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Brief Descriptions of a Python to C++ Translator

2022-05-10

This post is for Python experts! I briefly describe mycpp, a hacky Python-to-C++ translator I wrote on top of the MyPy type checker.

It works, but it needs improvement, or even a rewrite.

Context: We now have a NLNet grant of 50K euros, and I want to pay one or more engineers to help me translate Oil to C++. I wrote a longer post about this in March: Oil Is Being Developed "Middle Out".

Please share this post with anyone who may be interested!

Table of Contents
A Hybrid of mypyc and Shed Skin (Table)
Trivia
Python -> C++ Translation Examples
Fibonacci
String Backslash Escaping
FAQ
Why Generate C++, and Not C?
Why Not Use PyPy, Cython, etc.?
How Big Is mycpp?
Background
Graph of Translation Progress
Project History
Oil Is a Big Project
Question: MyPy Subset with Python 3.10 Pattern Matching?
Conclusion
Appendix: More Posts
Python Meta / Inadvertently Repeating PyPy
A Garbage-Collected Heap Shaped Like Statically Typed Python
Object-Oriented Type Systems are Underexplained
How Static Types Relate to Garbage Collection

A Hybrid of mypyc and Shed Skin (Table)

I've described mycpp as a hybrid of the the recent mypyc compiler and old Shed Skin compiler. So this table is an easy way to explain it to Python experts.

Project

Shed Skin
(2005-2015?)

mypyc
(2018-present, for MyPy)

mycpp
(2019-present, for Oil)

Types Inferred Explicit Annotations Explicit Annotations
Compiler Output C++ source code Python-C Extension C++ source code
Garbage Gollector Boehm GC
(imprecise, architecture-specific)
CPython GC
(precise, portable)

Custom Cheney collector on Str, List<T>, Dict<K, V>, ...
(precise, portable)

The goal is to speed up Oil, and remove the dependency on CPython.

Trivia

So there was a lot of Python expertise at Google, especially around 2005-2010.

 

Python -> C++ Translation Examples

This is the second brief way of explaining mycpp — by showing input / output pairs.

They're taken from the mycpp-examples benchmark, which is published with every release. Speedups range from ~5x to ~200x.

Fibonacci

This translation is trivial because the algorithm only uses integers. C++ has fixed width integers, unlike Python, but that's OK for Oil.

Python input:

def fib_recursive(n):
  # type: (int) -> int
  if n == 0:
    return 1
  if n == 1:
    return 1
  return fib_recursive(n-1) + fib_recursive(n-2)

C++ output:

int fib_recursive(int n) {
  if (n == 0) {
    return 1;
  }
  if (n == 1) {
    return 1;
  }
  return (fib_recursive((n - 1)) + fib_recursive((n - 2)));
}

String Backslash Escaping

This example uses Str* and List<Str*>*, which makes it more interesting. A big difference is that the translator has to register C stack roots with the garbage collector.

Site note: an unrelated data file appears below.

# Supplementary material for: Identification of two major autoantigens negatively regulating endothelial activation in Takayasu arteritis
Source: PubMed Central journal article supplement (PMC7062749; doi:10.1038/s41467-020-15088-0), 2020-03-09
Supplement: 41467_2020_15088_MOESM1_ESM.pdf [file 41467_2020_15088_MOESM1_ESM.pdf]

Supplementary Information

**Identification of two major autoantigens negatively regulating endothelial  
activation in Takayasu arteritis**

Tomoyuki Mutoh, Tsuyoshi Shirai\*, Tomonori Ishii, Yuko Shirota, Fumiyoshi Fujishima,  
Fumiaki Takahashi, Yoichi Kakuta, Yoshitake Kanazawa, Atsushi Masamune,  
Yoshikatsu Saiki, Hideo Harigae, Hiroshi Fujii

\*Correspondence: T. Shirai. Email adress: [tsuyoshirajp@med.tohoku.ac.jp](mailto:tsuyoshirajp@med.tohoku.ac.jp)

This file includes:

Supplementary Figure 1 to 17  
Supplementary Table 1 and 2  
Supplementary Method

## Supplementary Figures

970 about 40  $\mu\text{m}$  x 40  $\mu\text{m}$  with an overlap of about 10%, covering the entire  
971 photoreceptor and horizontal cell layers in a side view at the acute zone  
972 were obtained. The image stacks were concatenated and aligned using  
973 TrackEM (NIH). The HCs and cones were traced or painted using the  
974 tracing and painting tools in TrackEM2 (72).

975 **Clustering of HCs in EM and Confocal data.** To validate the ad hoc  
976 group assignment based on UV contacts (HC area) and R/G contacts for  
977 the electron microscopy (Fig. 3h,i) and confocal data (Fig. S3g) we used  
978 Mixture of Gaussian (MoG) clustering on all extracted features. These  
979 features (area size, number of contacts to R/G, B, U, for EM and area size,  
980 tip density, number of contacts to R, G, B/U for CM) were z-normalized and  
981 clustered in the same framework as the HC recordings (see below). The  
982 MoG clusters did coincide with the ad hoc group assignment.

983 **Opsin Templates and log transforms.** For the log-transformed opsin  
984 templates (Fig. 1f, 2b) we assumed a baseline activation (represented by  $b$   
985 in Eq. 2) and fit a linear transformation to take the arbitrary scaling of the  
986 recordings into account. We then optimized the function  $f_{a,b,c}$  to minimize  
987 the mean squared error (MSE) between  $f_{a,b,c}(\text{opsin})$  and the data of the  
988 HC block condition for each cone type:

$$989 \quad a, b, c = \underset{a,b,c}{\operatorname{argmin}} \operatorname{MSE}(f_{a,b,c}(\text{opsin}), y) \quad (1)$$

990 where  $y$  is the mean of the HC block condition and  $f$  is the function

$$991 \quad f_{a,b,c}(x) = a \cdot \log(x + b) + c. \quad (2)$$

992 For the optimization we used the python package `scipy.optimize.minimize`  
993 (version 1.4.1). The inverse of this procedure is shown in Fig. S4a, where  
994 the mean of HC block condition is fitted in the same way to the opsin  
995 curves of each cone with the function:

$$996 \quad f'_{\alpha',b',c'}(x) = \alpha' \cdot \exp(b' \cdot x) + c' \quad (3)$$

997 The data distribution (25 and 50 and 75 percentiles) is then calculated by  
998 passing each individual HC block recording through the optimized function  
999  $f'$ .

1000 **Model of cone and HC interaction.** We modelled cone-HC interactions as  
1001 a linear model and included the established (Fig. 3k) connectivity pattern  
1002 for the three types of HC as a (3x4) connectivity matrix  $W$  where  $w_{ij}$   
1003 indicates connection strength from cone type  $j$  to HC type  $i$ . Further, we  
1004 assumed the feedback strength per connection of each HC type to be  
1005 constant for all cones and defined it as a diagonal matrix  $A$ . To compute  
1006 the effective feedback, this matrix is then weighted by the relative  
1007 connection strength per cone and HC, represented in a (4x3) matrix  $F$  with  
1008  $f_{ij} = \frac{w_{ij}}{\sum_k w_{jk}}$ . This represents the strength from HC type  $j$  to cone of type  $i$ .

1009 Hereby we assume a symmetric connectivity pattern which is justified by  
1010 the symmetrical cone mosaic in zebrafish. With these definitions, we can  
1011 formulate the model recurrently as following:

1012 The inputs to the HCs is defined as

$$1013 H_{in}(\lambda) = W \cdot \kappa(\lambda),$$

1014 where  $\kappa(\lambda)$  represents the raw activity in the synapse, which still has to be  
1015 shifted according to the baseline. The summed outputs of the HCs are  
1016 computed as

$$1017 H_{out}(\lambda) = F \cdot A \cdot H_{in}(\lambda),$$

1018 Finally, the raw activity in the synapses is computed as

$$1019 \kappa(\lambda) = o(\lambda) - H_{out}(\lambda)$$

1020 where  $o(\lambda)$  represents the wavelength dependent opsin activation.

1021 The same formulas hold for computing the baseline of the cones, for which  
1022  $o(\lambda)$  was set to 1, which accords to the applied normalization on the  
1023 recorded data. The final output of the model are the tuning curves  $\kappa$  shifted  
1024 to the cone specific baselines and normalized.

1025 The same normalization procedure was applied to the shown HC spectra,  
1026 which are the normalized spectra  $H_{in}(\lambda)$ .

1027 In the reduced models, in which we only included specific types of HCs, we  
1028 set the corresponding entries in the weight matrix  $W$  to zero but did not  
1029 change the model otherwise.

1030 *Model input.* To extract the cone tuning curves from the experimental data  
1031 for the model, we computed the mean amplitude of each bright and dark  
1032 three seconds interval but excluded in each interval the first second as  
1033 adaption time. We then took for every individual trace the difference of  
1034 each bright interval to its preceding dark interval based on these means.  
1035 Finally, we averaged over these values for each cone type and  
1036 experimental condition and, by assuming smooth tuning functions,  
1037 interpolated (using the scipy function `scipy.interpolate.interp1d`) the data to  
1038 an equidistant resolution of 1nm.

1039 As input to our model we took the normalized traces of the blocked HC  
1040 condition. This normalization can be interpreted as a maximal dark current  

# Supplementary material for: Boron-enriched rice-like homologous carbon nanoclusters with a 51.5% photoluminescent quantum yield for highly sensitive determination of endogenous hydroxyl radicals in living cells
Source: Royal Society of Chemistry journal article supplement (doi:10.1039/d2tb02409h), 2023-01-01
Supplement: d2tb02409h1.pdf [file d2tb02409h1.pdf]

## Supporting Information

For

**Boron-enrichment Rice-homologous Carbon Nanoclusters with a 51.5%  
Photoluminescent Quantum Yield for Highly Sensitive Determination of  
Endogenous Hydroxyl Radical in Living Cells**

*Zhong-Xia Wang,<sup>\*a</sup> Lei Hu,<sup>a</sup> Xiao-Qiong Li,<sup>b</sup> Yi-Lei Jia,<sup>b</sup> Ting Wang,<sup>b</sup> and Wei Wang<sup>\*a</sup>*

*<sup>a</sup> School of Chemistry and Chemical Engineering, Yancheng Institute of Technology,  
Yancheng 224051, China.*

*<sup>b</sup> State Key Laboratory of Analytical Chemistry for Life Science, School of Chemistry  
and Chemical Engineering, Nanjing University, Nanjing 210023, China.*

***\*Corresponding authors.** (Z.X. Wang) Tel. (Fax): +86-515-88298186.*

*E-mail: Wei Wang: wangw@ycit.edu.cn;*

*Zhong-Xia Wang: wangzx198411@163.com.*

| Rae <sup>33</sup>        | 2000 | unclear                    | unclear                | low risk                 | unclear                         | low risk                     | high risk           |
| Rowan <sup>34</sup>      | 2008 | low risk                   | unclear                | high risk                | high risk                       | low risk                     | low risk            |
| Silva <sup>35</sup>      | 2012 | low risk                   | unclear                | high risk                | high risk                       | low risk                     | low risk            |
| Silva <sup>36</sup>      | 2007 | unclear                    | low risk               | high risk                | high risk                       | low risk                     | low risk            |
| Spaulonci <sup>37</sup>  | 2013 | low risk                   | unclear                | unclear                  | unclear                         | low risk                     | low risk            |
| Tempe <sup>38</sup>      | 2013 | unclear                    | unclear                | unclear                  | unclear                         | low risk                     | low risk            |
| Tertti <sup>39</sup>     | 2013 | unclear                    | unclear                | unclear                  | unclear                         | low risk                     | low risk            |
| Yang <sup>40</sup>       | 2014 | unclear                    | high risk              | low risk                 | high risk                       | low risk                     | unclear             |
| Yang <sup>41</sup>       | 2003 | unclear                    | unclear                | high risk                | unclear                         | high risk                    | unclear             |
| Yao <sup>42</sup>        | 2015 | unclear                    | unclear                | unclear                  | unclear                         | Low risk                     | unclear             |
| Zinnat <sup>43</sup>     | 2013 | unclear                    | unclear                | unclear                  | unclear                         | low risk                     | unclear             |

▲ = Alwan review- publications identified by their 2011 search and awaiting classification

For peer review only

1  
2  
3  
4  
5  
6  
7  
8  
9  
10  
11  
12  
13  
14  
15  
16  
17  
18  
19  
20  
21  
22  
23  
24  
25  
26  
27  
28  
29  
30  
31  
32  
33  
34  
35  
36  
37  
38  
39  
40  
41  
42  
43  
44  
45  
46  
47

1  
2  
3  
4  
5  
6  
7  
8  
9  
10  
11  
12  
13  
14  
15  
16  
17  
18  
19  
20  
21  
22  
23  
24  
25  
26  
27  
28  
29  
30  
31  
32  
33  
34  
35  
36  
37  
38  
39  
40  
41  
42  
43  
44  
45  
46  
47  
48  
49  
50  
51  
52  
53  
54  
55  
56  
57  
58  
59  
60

Python input:

def BackslashEscape(s, meta_chars):
  # type: (str, str) -> str  
  escaped = []  # type: List[str]
  for c in s:
    if c in meta_chars:
      escaped.append('\\')
    escaped.append(c)
  return ''.join(escaped)

C++ output:

Str* BackslashEscape(Str* s, Str* meta_chars) {
  List<Str*>* escaped = nullptr;
  StackRoots _roots({&s, &meta_chars, &escaped});

  escaped = Alloc<List<Str*>>();
  for (StrIter it(s); !it.Done(); it.Next()) {
    Str* c = it.Value();
    StackRoots _for({&c  });
    if (str_contains(meta_chars, c)) {
      escaped->append(str0);
    }
    escaped->append(c);
  }
 return str1->join(escaped);
}

This strategy may seem a bit naive, but it works and performs well! It runs a large portion of OSH, which I show below.

 

FAQ

Why Generate C++, and Not C?

It makes the translation more straightforward, and the output more readable:

Using C++ also makes the runtime and libc bindings easier to write. We get a little type safety when we manually write wrappers like:

List<Str*>* glob(Str* pattern)

for the C function:

int glob(const char *pattern, int flags,
         int (*errfunc) (const char *epath, int eerrno),
         glob_t *pglob);

(Why not Rust? The FAQ I mentioned is still upcoming. Here's a Reddit comment on that.)

Why Not Use PyPy, Cython, etc.?

None of them uses Python type annotations, which I found useful for generating predictably fast C++ code.

A key benefit of mycpp is being able to analyze and optimize performance in the "C++ domain", not in the Python domain. C++ has very good performance tools, and they work best on readable source code.


Most Python experts know this, but all Python compilers have a tradeoff between speed and generality, i.e. how much Python is understood. Our mycpp tool is way toward the left of that spectrum — it's designed to make one program fast!

There are dozens of other (partial) Python implementations listed on the python.org wiki: PythonImplementations.